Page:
Waves of innovation and waves of companies, crash on the storage market, but the same incumbent leaders and product lines survive for decades. Are things changing? It’s hard to see sometimes, but real progress has been made.
But what do you do after creating Isilon, the most successful scale-out storage platform in history? Add in some advanced data management services and make it a software-only platform!
DataGravity is coming to market with a mainstream product differentiated by unique features at a reasonable price. Although similar data management technology has existed for a long time, DataGravity is bringing it to the IT infrastructure market at no additional cost. The questions are simple: Will IT want a new array with these capabilities? And will DataGravity have the resources to mature their initial product to compete with “real” e-discovery solutions?
As I have done since version 3.5, I’m charting the storage changes in VMware’s latest release of vSphere, 5.1. Unlike version 5, which included many new technical storage features, 5.1 mainly tweaks existing features and adds these new elements to the mix.
VMware just released Update 2 for VMware ESX Server 3.5 (Virtual Infrastructure), and it includes some storage fixes of note: Support for Volume Shadow Copy Service (VSS) for filesystems Windows Server 2003 and Windows Server 2008 guests. This means VMware services like VCB and SRM can now signal Windows Server to quiesce filesystems before creating a […]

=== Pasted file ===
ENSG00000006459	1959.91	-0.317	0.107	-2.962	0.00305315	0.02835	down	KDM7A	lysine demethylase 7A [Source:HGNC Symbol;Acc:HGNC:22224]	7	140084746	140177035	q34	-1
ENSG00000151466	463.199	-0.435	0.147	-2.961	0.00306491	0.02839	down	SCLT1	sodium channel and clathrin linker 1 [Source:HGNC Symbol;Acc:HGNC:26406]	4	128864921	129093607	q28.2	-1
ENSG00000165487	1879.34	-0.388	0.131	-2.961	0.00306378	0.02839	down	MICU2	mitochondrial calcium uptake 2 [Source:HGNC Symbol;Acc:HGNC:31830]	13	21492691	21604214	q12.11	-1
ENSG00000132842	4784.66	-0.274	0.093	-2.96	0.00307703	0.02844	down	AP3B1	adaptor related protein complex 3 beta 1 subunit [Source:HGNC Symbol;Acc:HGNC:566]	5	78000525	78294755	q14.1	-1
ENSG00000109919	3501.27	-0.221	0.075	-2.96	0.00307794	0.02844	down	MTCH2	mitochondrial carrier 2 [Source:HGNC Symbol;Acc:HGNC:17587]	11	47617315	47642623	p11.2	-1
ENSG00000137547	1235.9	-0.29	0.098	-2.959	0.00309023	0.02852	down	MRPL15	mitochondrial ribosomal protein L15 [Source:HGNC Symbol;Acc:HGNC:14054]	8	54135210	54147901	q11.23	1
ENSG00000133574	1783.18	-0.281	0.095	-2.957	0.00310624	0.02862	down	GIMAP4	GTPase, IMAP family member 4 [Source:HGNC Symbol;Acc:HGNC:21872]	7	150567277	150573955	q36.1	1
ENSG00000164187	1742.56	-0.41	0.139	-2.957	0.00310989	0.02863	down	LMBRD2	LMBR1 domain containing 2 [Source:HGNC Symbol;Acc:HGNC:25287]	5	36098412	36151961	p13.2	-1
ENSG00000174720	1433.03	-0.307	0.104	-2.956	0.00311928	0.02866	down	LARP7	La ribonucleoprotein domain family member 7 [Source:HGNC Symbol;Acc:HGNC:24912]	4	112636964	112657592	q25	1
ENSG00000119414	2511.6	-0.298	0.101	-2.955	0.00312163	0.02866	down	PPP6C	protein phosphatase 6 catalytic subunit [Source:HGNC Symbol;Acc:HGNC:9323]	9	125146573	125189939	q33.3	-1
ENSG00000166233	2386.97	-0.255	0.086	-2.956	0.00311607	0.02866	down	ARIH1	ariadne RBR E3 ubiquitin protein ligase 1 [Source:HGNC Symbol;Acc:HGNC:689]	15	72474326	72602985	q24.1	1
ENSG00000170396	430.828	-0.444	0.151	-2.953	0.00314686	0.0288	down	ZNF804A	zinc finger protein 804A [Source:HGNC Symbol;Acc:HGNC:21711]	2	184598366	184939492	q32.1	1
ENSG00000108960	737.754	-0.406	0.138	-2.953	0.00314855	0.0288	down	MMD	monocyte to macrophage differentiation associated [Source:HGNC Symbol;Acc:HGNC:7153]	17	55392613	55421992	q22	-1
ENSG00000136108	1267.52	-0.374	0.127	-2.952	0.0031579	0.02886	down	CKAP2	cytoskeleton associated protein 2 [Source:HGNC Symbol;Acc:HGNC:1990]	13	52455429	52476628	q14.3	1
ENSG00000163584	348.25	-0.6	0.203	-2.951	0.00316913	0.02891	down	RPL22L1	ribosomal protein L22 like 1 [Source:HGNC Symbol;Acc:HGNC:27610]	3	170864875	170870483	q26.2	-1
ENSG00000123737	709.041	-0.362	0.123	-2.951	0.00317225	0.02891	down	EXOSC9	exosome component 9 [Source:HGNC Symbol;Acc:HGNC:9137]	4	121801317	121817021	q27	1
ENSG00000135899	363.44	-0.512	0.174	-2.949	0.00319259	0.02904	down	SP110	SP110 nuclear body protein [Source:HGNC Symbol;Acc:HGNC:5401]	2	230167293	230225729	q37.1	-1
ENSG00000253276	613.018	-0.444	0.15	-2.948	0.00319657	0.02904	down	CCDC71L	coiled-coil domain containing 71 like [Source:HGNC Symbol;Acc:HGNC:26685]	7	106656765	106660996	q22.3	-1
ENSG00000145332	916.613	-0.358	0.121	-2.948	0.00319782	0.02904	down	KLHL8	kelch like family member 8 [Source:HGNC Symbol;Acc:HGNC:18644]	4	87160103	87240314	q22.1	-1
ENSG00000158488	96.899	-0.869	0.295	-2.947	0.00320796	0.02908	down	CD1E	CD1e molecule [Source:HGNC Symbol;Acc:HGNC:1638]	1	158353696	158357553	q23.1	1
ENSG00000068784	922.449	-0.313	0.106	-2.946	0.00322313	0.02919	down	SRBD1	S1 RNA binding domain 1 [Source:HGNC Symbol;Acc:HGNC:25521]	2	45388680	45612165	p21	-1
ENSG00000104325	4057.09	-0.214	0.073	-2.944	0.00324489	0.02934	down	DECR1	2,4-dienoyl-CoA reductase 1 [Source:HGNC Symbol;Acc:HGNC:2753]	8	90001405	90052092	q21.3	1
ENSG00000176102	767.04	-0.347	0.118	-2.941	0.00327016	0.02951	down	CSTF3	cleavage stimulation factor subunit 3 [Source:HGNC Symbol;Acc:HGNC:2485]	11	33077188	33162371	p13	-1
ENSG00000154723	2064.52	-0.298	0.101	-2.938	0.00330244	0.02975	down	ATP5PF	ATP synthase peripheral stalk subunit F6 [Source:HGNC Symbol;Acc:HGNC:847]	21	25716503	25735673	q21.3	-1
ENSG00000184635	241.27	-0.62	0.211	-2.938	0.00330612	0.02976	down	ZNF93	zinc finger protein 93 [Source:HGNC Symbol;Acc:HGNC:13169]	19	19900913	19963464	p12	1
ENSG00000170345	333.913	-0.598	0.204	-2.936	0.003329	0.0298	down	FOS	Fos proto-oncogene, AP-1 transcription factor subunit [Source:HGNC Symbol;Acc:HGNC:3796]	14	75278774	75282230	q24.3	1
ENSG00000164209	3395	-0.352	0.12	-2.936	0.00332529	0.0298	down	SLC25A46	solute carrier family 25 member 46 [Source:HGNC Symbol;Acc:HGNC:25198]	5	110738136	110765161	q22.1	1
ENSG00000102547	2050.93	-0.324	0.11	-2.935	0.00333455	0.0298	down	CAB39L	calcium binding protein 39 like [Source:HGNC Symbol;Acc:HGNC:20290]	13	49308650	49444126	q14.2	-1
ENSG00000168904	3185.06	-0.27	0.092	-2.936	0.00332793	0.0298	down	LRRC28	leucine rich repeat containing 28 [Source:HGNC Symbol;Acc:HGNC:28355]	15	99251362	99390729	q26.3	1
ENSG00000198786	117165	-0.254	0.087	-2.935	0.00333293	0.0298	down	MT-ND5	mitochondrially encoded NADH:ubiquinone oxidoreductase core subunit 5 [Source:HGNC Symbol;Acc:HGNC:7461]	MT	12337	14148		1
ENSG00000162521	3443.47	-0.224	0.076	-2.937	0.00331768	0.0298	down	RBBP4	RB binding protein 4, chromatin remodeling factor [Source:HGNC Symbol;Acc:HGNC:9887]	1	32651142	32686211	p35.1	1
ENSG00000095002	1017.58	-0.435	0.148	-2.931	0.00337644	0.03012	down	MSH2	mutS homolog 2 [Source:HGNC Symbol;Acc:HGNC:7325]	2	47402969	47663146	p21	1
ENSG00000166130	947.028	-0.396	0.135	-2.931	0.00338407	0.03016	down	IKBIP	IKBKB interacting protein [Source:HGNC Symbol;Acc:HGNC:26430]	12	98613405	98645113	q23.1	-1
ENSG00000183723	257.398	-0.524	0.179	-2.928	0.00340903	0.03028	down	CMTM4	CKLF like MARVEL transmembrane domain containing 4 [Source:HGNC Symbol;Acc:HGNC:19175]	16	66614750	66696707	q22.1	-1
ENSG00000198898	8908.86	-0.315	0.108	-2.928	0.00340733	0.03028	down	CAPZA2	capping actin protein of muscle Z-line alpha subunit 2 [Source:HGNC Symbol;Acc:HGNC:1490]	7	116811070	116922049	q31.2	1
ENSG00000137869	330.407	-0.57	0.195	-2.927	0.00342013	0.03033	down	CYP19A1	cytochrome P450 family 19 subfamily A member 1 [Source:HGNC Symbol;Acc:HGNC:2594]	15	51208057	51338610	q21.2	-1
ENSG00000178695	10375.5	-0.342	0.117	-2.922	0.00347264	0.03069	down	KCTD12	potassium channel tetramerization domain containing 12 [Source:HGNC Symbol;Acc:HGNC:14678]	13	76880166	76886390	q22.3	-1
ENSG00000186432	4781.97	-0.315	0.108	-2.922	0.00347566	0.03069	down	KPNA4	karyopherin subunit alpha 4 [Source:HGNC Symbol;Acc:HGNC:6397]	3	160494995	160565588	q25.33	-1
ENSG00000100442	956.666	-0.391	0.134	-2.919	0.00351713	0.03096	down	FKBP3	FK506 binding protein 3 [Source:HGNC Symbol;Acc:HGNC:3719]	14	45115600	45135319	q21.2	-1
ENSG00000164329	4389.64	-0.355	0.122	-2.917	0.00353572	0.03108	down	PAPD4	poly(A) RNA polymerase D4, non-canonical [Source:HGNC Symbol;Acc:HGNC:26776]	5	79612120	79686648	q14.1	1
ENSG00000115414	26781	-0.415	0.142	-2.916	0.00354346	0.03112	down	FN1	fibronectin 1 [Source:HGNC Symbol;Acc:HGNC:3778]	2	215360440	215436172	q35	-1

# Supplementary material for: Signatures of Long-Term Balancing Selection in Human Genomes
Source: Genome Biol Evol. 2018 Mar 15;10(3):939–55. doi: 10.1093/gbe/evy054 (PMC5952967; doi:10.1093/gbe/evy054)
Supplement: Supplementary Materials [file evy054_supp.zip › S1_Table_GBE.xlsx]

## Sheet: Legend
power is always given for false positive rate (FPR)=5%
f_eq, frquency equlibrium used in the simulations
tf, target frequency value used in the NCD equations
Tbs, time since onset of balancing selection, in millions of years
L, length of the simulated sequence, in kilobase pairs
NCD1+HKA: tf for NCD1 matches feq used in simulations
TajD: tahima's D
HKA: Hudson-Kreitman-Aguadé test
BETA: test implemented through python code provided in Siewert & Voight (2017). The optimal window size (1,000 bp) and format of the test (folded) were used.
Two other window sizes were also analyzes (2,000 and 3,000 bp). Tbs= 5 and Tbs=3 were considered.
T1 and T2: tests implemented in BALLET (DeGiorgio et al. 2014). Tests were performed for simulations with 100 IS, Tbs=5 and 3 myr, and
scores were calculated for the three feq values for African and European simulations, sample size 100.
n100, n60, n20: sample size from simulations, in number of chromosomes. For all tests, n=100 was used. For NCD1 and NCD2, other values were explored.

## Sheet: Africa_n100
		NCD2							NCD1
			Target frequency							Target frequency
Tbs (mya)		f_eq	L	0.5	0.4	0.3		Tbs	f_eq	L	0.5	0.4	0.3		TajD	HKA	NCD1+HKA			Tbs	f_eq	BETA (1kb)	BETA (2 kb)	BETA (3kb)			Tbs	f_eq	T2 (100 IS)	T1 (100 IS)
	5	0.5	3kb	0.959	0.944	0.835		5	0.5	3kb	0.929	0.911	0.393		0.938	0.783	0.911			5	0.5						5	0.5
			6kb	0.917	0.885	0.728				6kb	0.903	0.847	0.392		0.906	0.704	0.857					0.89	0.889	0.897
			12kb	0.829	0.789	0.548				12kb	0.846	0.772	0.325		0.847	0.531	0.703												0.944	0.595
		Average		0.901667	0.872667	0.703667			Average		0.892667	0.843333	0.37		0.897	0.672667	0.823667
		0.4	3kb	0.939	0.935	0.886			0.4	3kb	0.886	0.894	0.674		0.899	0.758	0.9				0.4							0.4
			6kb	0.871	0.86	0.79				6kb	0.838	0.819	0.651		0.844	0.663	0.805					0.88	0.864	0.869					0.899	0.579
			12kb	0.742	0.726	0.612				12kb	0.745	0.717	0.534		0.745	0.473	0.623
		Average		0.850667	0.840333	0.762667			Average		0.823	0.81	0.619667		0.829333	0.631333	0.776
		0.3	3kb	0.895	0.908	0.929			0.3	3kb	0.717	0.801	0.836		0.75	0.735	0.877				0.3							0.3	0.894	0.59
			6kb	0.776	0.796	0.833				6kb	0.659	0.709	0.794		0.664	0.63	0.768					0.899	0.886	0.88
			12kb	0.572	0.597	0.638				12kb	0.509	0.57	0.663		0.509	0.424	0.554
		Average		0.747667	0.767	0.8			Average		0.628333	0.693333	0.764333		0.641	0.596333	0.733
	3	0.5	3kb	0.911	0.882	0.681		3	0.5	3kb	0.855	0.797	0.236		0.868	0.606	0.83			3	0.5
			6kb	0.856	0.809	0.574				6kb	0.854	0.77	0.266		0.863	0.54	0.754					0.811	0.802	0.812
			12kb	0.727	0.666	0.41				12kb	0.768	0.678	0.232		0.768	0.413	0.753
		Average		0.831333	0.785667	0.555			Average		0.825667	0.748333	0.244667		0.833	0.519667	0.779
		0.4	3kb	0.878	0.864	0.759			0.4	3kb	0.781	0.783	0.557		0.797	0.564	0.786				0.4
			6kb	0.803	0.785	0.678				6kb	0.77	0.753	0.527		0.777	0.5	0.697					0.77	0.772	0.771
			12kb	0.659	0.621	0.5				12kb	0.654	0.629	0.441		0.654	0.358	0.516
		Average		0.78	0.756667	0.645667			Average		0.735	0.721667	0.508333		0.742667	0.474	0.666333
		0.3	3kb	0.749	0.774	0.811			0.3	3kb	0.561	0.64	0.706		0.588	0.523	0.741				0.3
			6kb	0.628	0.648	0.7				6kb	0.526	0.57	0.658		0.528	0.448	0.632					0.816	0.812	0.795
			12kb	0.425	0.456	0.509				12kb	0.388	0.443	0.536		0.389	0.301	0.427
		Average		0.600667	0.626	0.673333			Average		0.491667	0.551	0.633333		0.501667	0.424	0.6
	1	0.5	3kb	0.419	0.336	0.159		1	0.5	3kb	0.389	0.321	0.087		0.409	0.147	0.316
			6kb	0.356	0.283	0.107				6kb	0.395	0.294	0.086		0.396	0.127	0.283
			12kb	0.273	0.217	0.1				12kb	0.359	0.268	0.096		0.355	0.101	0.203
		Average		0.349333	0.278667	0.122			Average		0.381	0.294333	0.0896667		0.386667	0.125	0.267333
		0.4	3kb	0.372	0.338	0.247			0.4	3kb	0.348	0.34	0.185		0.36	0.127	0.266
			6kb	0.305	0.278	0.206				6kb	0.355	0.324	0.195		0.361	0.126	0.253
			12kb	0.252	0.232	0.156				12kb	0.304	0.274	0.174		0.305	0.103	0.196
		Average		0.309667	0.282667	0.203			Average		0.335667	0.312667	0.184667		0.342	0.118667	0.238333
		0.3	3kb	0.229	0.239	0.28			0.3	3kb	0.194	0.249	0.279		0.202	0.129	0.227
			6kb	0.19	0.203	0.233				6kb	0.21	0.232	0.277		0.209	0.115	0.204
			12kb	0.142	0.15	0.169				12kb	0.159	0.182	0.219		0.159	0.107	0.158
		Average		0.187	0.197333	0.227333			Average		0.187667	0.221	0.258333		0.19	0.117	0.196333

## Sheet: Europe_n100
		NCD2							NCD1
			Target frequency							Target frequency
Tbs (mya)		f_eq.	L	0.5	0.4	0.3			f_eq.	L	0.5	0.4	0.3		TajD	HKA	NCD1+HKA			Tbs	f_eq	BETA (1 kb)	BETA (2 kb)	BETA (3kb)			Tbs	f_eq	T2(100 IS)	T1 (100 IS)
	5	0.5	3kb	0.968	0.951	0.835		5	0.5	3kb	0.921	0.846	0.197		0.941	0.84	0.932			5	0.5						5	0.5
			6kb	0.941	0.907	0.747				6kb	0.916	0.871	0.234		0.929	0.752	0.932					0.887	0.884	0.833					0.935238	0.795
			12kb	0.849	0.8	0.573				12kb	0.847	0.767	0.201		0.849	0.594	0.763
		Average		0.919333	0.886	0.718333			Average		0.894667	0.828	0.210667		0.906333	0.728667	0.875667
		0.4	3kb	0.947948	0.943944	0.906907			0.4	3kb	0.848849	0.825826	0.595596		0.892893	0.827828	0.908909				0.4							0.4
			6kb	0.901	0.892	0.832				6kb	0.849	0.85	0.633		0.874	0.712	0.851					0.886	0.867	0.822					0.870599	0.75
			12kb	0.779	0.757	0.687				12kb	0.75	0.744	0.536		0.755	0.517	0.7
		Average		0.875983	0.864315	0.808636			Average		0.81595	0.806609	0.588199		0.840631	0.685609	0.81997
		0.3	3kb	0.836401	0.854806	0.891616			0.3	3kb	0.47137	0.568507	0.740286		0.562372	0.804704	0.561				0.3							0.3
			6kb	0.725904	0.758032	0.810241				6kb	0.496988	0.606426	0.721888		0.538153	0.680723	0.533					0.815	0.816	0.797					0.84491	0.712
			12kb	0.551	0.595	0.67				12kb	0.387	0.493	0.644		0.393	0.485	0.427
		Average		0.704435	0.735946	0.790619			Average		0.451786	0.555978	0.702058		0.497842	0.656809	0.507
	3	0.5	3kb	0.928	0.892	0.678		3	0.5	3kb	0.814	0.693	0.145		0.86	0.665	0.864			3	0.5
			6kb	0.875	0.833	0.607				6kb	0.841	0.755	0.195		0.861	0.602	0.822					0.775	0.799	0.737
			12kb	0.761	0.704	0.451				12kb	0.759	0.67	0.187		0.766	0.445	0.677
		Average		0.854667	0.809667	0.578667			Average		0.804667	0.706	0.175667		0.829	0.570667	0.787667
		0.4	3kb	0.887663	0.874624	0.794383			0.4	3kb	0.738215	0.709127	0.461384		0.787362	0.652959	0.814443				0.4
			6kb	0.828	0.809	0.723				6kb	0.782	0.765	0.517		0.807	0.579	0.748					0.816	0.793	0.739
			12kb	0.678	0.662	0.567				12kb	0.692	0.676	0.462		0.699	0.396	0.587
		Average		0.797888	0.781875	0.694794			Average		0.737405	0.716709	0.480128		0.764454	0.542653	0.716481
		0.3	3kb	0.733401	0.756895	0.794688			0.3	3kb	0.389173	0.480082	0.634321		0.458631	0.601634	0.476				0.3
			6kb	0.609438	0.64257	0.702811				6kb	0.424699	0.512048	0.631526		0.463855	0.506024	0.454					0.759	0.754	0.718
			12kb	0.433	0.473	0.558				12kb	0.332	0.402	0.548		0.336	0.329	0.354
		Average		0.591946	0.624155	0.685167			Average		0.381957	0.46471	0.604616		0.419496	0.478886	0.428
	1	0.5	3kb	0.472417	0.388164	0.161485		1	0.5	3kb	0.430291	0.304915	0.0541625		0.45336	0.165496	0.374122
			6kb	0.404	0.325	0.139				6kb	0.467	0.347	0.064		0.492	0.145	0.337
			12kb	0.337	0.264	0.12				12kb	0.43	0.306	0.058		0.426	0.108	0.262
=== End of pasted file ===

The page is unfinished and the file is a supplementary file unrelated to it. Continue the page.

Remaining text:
So Symantec’s CommandCentral version 5.0 includes VMware-integrated SRM. Thank god! Has anyone out there been banging their head against the wall trying to figure out what’s taking up all their unstructured filesystem space? Well trying to get that information in a world of VMware virtual servers is like drilling through your forehead with an auger. […]
Without getting into the debate on blogketing (I’ll save that for another post), I was pretty impressed by Chuck Hollis’ recent post on ILM. I think he’s made a good discussion of the wherefores of ILM, and maybe counteracted a bit of the prevailing anti-ILM argument. I’ve been in the trenches on storage content (aka […]